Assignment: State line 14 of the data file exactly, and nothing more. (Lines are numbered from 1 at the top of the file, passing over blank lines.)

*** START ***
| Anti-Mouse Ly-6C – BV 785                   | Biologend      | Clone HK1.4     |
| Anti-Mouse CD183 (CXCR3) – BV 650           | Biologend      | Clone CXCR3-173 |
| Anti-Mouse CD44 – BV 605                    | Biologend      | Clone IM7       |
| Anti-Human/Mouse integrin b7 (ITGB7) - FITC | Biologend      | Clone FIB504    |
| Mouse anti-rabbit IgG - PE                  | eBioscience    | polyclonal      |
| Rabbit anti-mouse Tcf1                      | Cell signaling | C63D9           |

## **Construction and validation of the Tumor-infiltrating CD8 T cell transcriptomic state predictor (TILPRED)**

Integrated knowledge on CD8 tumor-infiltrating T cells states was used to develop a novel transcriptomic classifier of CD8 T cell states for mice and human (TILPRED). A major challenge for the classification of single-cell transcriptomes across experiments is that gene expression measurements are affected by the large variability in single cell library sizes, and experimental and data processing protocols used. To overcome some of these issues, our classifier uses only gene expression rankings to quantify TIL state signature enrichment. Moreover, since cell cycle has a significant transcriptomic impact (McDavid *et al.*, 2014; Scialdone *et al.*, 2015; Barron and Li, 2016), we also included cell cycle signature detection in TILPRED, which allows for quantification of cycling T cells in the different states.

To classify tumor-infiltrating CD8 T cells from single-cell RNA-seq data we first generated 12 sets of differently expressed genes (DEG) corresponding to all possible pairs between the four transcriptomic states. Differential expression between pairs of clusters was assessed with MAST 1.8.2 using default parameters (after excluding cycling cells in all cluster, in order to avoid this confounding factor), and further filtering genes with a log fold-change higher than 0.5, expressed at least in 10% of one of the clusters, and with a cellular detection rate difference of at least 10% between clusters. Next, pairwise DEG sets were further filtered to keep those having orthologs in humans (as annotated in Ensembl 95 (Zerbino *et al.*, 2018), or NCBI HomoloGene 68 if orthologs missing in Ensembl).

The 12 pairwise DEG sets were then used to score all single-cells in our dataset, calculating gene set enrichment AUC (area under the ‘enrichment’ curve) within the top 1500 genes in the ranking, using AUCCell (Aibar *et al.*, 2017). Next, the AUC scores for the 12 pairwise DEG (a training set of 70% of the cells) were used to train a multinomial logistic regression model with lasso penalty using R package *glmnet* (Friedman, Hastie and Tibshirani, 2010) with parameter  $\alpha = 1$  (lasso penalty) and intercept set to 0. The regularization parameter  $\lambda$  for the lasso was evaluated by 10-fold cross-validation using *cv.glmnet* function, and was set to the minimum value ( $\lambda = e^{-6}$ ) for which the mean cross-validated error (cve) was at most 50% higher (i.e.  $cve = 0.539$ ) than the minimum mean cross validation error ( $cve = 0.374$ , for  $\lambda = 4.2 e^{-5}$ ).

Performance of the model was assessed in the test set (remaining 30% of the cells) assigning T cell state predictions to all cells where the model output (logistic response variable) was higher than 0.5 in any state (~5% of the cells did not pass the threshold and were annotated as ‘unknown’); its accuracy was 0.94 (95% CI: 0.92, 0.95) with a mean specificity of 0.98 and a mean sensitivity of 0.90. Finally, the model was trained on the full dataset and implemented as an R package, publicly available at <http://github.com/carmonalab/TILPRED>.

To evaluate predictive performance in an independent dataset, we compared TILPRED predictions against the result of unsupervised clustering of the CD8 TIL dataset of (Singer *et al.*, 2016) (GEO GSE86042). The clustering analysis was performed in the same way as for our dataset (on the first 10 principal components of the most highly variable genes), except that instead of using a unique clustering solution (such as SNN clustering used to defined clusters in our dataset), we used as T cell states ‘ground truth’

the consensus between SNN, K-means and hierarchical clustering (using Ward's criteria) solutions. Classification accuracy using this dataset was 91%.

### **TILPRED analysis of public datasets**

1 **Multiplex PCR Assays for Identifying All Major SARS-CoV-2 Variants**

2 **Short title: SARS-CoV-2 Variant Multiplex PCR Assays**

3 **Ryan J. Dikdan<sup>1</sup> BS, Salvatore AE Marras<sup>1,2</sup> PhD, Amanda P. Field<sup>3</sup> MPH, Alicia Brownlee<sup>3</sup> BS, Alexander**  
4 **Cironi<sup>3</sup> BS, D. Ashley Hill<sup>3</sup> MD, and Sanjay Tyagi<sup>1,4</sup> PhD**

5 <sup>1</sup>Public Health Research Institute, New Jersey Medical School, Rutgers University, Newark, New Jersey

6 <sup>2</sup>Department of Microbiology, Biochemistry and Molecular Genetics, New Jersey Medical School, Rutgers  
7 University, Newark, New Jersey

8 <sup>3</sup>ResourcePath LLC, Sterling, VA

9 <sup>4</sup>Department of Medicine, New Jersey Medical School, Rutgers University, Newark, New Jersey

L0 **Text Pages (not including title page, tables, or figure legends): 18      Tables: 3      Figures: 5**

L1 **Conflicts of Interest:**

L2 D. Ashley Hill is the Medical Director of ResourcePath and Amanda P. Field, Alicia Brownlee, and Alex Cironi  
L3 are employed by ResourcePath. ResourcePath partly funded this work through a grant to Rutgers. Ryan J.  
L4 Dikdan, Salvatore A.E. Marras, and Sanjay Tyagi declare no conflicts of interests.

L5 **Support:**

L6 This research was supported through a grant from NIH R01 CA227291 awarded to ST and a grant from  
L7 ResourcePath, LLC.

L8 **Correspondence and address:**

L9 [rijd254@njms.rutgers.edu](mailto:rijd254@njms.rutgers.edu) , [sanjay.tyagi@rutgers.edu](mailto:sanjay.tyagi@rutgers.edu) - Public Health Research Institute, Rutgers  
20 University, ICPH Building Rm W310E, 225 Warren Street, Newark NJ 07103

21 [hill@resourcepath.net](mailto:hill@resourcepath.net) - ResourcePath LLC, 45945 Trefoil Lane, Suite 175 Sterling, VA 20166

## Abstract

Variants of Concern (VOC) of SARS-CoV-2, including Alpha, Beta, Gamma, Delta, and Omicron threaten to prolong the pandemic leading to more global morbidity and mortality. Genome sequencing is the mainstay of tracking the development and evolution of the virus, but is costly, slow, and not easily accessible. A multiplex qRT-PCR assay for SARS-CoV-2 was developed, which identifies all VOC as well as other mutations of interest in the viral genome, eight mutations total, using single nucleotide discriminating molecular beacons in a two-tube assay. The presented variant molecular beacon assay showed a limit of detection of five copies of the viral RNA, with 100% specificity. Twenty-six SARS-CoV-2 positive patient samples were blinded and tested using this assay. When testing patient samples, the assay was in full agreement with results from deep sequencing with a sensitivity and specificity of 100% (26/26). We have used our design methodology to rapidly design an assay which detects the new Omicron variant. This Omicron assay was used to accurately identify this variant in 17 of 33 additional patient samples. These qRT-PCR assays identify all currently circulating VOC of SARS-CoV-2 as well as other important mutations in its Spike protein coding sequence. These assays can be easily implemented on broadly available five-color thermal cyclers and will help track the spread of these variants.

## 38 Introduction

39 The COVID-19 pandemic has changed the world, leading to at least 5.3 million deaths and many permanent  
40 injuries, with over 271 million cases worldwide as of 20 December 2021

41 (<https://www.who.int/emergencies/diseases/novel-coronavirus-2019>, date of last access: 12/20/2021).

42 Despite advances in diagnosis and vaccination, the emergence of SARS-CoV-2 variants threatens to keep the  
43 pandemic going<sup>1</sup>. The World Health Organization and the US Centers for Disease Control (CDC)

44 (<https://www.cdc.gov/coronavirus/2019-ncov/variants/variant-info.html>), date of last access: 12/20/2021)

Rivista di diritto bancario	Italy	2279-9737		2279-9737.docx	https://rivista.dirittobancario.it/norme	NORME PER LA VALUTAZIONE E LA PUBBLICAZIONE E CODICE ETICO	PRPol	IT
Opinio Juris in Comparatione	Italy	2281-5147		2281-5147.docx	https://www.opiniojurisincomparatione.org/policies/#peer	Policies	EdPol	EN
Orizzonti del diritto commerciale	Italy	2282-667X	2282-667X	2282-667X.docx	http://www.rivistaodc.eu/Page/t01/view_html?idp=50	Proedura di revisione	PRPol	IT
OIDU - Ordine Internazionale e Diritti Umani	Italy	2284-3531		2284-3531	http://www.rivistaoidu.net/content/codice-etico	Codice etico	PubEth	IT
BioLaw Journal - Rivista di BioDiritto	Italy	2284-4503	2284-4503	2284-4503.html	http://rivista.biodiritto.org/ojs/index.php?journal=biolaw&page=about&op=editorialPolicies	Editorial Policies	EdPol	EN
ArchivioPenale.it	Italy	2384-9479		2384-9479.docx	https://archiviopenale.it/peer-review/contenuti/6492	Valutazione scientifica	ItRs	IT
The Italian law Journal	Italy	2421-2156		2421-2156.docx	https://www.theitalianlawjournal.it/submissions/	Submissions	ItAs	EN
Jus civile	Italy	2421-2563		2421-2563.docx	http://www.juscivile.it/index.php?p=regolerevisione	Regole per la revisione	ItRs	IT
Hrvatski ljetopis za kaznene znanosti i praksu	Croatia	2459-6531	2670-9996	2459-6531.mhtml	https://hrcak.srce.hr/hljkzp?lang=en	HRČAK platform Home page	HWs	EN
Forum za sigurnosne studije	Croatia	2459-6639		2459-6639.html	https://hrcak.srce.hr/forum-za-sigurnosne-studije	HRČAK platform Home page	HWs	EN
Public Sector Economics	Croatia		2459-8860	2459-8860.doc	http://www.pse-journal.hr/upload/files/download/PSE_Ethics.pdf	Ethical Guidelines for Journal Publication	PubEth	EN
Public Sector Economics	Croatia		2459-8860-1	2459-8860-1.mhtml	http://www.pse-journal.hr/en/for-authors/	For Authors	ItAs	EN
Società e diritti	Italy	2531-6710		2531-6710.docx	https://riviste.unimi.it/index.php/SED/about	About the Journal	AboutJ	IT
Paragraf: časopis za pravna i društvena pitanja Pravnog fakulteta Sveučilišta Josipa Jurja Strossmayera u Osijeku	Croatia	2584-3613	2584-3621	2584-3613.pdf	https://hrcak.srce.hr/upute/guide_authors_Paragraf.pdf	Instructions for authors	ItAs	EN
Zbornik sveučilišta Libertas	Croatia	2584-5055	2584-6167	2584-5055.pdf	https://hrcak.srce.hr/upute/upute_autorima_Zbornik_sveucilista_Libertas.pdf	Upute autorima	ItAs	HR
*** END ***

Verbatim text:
### **TILPRED analysis of public datasets**